For-Profit College Certificates: Higher Cost, but Not Necessarily Highly Regarded by Employers

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  For-Profit College Certificates: Higher Cost, but Not Necessarily Highly Regarded by Employers 

Nationally, enrollment in for-profit colleges is on the rise. Though the vast majority of students enrolled in two-year post-secondary institutions still attend public community colleges, enrollment in private, for-profit colleges has increased by 63 percent since 2001.(1) In Washington, increasing numbers of students are earning certificates of less than two years. In 2014, for-profit colleges awarded more than one-third of these certificates.(2) However, questions remain about the labor market value of these credentials.
 
On average, two-year for-profit colleges cost students four times as much as community colleges.(3) High costs lead students at for-profit colleges to borrow more often. According to the U.S. Department of Education, more than 80 percent of students at for-profit colleges use federal student loans to pay for college, compared to fewer than half of students at public colleges.(4) 
Increased borrowing could be worthwhile if graduates of for-profit schools were more likely to secure employment and attained positions with higher wages than their community college counterparts. 

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However, given the cost of attendance, returns need to be quite high to justify attending for-profit colleges. In fact, researchers estimate that returns of about 9 to 10 percent per year of education are needed to offset the costs of attendance for students and taxpayers.(5) Few experimental studies have examined whether completing a for-profit credential could produce such labor market returns. However, field experiments suggest that employers do not place a higher value on for-profit credentials. And, in some cases, having a for-profit credential on a resume may make it more difficult for people to get a foot in the door.

In field experiments, researchers send thousands of resumes with similar characteristics—varying only in education at for-profit or public schools—to job postings in cities across the U.S. This enables them to assess employers’ perceptions of applicants’ abilities based on the type of school attended. For example, one study submitted resumes with sub-baccalaureate education (e.g., some college, no degree; vocational certificate; associate’s degree)to job postings for administrative positions, medical office positions, customer service, information technology, medical assistants, and sales.(6)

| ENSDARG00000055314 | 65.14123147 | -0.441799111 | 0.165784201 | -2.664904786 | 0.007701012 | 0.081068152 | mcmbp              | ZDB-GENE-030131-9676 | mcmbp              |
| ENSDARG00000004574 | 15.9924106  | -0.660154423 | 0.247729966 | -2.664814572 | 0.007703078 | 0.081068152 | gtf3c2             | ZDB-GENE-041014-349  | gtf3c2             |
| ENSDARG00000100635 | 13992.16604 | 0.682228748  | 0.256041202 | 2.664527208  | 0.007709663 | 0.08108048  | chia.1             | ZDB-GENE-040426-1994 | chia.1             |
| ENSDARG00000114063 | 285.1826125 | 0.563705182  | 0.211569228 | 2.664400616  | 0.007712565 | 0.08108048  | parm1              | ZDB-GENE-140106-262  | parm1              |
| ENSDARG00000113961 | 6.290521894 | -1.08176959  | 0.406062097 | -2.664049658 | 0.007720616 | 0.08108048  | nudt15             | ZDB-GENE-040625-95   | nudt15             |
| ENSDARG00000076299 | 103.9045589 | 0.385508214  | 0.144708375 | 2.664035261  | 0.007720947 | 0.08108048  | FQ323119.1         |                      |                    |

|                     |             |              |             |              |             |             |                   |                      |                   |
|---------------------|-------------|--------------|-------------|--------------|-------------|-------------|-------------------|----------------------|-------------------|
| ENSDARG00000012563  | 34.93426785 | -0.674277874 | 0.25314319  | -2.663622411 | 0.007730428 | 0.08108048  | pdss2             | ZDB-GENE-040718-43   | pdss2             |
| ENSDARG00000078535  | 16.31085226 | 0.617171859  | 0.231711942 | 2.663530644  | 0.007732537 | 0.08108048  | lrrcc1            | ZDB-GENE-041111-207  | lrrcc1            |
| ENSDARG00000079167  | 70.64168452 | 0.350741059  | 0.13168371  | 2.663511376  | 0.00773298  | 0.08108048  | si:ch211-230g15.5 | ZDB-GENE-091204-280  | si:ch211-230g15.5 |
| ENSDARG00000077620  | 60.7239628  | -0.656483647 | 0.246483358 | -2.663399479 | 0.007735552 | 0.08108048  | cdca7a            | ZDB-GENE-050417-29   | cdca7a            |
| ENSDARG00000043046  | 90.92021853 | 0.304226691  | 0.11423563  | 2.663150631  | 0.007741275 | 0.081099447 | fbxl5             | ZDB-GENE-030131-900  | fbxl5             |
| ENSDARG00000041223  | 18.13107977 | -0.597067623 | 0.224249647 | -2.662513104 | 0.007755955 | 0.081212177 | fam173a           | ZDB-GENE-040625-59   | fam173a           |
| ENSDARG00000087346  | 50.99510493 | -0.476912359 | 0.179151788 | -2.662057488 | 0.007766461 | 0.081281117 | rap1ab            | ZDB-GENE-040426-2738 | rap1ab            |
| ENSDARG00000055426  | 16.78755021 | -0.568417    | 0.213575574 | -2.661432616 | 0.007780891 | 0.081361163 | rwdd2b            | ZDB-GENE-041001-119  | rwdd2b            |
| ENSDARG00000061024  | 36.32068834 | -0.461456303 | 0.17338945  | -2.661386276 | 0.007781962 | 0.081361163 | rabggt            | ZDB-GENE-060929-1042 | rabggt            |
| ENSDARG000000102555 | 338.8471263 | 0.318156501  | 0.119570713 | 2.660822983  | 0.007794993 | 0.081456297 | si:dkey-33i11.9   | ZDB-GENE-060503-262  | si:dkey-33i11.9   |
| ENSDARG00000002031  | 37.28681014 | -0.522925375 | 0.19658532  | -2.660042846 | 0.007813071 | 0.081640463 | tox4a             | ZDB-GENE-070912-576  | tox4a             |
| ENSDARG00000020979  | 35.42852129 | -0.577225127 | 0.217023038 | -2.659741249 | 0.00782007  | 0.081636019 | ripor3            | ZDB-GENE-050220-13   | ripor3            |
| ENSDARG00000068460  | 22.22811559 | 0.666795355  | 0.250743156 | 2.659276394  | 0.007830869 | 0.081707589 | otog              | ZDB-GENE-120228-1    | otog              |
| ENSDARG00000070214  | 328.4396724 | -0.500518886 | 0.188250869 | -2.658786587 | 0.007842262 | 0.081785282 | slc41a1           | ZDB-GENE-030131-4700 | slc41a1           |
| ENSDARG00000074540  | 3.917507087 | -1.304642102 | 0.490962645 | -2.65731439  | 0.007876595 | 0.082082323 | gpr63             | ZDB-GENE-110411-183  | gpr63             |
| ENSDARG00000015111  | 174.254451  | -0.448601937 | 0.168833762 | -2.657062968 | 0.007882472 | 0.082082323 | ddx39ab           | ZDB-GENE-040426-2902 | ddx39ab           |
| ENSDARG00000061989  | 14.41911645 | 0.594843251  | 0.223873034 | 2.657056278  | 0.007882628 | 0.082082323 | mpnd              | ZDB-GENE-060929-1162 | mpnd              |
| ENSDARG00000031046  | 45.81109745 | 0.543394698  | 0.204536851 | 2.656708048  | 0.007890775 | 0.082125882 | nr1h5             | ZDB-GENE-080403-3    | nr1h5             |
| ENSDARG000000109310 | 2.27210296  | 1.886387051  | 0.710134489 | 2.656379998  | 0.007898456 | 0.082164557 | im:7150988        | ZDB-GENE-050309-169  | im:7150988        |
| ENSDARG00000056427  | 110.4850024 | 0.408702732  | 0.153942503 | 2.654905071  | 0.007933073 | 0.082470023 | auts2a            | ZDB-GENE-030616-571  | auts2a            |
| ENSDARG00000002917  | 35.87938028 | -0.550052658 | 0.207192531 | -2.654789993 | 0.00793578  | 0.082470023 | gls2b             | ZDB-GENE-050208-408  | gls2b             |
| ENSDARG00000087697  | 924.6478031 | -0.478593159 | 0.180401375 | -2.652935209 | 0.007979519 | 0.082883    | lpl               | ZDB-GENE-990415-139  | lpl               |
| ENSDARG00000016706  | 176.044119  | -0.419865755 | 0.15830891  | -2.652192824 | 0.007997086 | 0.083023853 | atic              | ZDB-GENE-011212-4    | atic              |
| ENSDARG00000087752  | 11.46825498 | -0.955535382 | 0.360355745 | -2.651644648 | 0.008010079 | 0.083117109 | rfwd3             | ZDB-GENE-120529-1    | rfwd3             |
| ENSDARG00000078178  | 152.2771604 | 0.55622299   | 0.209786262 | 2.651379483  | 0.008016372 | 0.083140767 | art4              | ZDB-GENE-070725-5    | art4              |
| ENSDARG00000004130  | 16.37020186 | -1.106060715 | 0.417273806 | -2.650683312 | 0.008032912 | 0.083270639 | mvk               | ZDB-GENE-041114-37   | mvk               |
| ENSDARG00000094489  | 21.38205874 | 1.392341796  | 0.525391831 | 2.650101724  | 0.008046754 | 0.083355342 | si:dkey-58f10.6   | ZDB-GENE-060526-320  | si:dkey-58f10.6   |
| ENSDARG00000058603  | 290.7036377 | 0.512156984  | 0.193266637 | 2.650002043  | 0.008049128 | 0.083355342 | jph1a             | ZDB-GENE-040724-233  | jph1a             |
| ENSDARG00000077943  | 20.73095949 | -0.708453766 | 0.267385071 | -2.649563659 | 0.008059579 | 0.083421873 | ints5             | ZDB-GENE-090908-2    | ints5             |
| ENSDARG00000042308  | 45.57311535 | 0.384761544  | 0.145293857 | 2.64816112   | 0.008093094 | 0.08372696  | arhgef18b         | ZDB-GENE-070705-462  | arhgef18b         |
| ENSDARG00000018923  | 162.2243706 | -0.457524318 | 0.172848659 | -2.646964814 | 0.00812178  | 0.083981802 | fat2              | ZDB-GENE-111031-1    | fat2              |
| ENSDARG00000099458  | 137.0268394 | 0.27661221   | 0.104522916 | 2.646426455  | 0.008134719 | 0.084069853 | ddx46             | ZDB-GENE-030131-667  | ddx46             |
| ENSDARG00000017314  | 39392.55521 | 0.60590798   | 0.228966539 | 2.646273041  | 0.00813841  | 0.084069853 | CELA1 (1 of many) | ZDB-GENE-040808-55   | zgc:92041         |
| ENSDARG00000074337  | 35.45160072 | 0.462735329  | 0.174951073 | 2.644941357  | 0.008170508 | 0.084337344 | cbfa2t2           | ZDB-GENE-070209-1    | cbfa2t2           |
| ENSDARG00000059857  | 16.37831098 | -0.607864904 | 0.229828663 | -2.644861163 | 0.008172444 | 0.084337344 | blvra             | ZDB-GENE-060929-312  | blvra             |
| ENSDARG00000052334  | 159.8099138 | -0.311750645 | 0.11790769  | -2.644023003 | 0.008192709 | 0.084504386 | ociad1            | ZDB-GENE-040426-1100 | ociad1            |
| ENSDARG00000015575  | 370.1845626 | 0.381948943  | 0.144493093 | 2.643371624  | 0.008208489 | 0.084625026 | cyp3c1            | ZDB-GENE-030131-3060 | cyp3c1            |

For health jobs, primarily medical assistants, resumes with certificates from for-profit colleges were 57 percent less likely to receive a callback from an employer than those with similar credentials from public institutions.


Based on employer callbacks, the researchers found no indication that resumes with for-profit credential generate more employer interest and noted that the opposite may be true—that community college credentials may be more attractive to employers. They conclude that for-profit college attendance offers limited labor market benefits to students. Another field experiment recently released found that for health jobs, primarily medical assistants, resumes with certificates from for-profit colleges were 57 percent less likely to receive a callback than those with similar credentials from public institutions.(7) However, there was no difference in callback rates for jobs that required a license, such as licensed practical nurse and pharmacy technician. This suggests that employers were skeptical of the quality of for-profit colleges, unless graduates’ skills were validated by a third-party licensing entity.

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SOURCE: Deming et al. (2016)

 

 

 

Given that for-profit colleges are serving increasing numbers of students and award a considerable share of certificates and degrees lower than bachelor’s degrees, students need to be made aware that they may not be getting their money’s worth. 


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1. Analysis of U.S. Department of Education, National Center for Education Statistics, Integrated Postsecondary Education Data System (IPEDS), 12-month Enrollment data.

2. Ibid.

3. U.S. Department of Education (2015). Fact Sheet: Obama Administration Increases Accountability for Low-Performing For-Profit Institutions. Available at: www.ed.gov/news/press-releases/fact-sheet-obama-administration-increases-accountability-low-performing-profit-institutions.

4. Ibid.

5.Cellini, Stephanie Riegg. (2012). For-Profit Higher Education: An Assessment of Costs and Benefits. National Tax Journal 65: 153–79.

6. Darolia, Rajeev, Cory Koedel, Paco Martorell, Katie Wilson, and Francisco Perez-Arce. (2014). Do Employers Prefer Workers Who Attend For-Profit Colleges? Evidence from a Field Experiment. University of Missouri Department of Economics Working Paper 14-11.

7. Deming, D.; Yuchtman, N.; Abulafi, A.; Goldin, C. and Katz, F. (2016). The Value of Postsecondary Credentials in the Labor Market: An Experimental Study. American Economic Review, 106, 778-806.

 
 
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